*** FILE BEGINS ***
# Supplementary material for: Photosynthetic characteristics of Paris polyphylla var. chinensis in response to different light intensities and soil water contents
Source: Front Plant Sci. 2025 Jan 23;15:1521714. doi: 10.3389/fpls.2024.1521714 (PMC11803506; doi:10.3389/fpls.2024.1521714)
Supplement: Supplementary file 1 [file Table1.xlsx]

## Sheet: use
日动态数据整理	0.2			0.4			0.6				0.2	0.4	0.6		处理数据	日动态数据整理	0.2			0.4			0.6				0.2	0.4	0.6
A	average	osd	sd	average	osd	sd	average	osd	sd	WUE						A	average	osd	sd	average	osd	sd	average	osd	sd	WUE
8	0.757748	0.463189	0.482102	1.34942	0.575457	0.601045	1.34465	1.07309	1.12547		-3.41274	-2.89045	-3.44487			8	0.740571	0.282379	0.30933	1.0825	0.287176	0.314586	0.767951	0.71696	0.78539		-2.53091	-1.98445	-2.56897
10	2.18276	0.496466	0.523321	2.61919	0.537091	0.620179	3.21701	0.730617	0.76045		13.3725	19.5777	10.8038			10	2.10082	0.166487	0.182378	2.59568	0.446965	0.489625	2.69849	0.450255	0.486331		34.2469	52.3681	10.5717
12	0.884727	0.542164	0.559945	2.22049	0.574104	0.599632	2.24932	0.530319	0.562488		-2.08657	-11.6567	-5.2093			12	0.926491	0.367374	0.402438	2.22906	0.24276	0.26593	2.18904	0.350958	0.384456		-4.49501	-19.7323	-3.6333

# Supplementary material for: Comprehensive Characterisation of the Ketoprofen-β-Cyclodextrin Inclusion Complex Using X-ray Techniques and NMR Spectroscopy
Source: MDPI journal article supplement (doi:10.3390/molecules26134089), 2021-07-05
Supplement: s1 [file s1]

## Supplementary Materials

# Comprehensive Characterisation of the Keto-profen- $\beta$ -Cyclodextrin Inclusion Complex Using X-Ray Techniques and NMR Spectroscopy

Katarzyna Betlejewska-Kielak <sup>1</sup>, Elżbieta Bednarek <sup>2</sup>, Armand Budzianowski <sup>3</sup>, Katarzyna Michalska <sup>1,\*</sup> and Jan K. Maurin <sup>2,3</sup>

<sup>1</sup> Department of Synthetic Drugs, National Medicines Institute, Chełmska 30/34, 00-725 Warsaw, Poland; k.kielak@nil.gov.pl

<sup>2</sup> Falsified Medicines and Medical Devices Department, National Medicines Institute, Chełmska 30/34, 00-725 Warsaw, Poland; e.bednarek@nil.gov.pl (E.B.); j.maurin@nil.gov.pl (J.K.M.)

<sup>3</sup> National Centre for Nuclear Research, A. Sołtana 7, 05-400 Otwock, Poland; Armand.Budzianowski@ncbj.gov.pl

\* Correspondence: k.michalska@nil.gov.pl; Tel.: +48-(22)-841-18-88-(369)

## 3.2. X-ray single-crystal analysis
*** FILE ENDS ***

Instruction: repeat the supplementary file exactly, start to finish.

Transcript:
# Supplementary material for: Photosynthetic characteristics of Paris polyphylla var. chinensis in response to different light intensities and soil water contents
Source: Front Plant Sci. 2025 Jan 23;15:1521714. doi: 10.3389/fpls.2024.1521714 (PMC11803506; doi:10.3389/fpls.2024.1521714)
Supplement: Supplementary file 1 [file Table1.xlsx]

## Sheet: use
日动态数据整理	0.2			0.4			0.6				0.2	0.4	0.6		处理数据	日动态数据整理	0.2			0.4			0.6				0.2	0.4	0.6
A	average	osd	sd	average	osd	sd	average	osd	sd	WUE						A	average	osd	sd	average	osd	sd	average	osd	sd	WUE
8	0.757748	0.463189	0.482102	1.34942	0.575457	0.601045	1.34465	1.07309	1.12547		-3.41274	-2.89045	-3.44487			8	0.740571	0.282379	0.30933	1.0825	0.287176	0.314586	0.767951	0.71696	0.78539		-2.53091	-1.98445	-2.56897
10	2.18276	0.496466	0.523321	2.61919	0.537091	0.620179	3.21701	0.730617	0.76045		13.3725	19.5777	10.8038			10	2.10082	0.166487	0.182378	2.59568	0.446965	0.489625	2.69849	0.450255	0.486331		34.2469	52.3681	10.5717
12	0.884727	0.542164	0.559945	2.22049	0.574104	0.599632	2.24932	0.530319	0.562488		-2.08657	-11.6567	-5.2093			12	0.926491	0.367374	0.402438	2.22906	0.24276	0.26593	2.18904	0.350958	0.384456		-4.49501	-19.7323	-3.6333

# Supplementary material for: Comprehensive Characterisation of the Ketoprofen-β-Cyclodextrin Inclusion Complex Using X-ray Techniques and NMR Spectroscopy
Source: MDPI journal article supplement (doi:10.3390/molecules26134089), 2021-07-05
Supplement: s1 [file s1]

## Supplementary Materials

# Comprehensive Characterisation of the Keto-profen- $\beta$ -Cyclodextrin Inclusion Complex Using X-Ray Techniques and NMR Spectroscopy

Katarzyna Betlejewska-Kielak <sup>1</sup>, Elżbieta Bednarek <sup>2</sup>, Armand Budzianowski <sup>3</sup>, Katarzyna Michalska <sup>1,\*</sup> and Jan K. Maurin <sup>2,3</sup>

<sup>1</sup> Department of Synthetic Drugs, National Medicines Institute, Chełmska 30/34, 00-725 Warsaw, Poland; k.kielak@nil.gov.pl

<sup>2</sup> Falsified Medicines and Medical Devices Department, National Medicines Institute, Chełmska 30/34, 00-725 Warsaw, Poland; e.bednarek@nil.gov.pl (E.B.); j.maurin@nil.gov.pl (J.K.M.)

<sup>3</sup> National Centre for Nuclear Research, A. Sołtana 7, 05-400 Otwock, Poland; Armand.Budzianowski@ncbj.gov.pl

\* Correspondence: k.michalska@nil.gov.pl; Tel.: +48-(22)-841-18-88-(369)

## 3.2. X-ray single-crystal analysis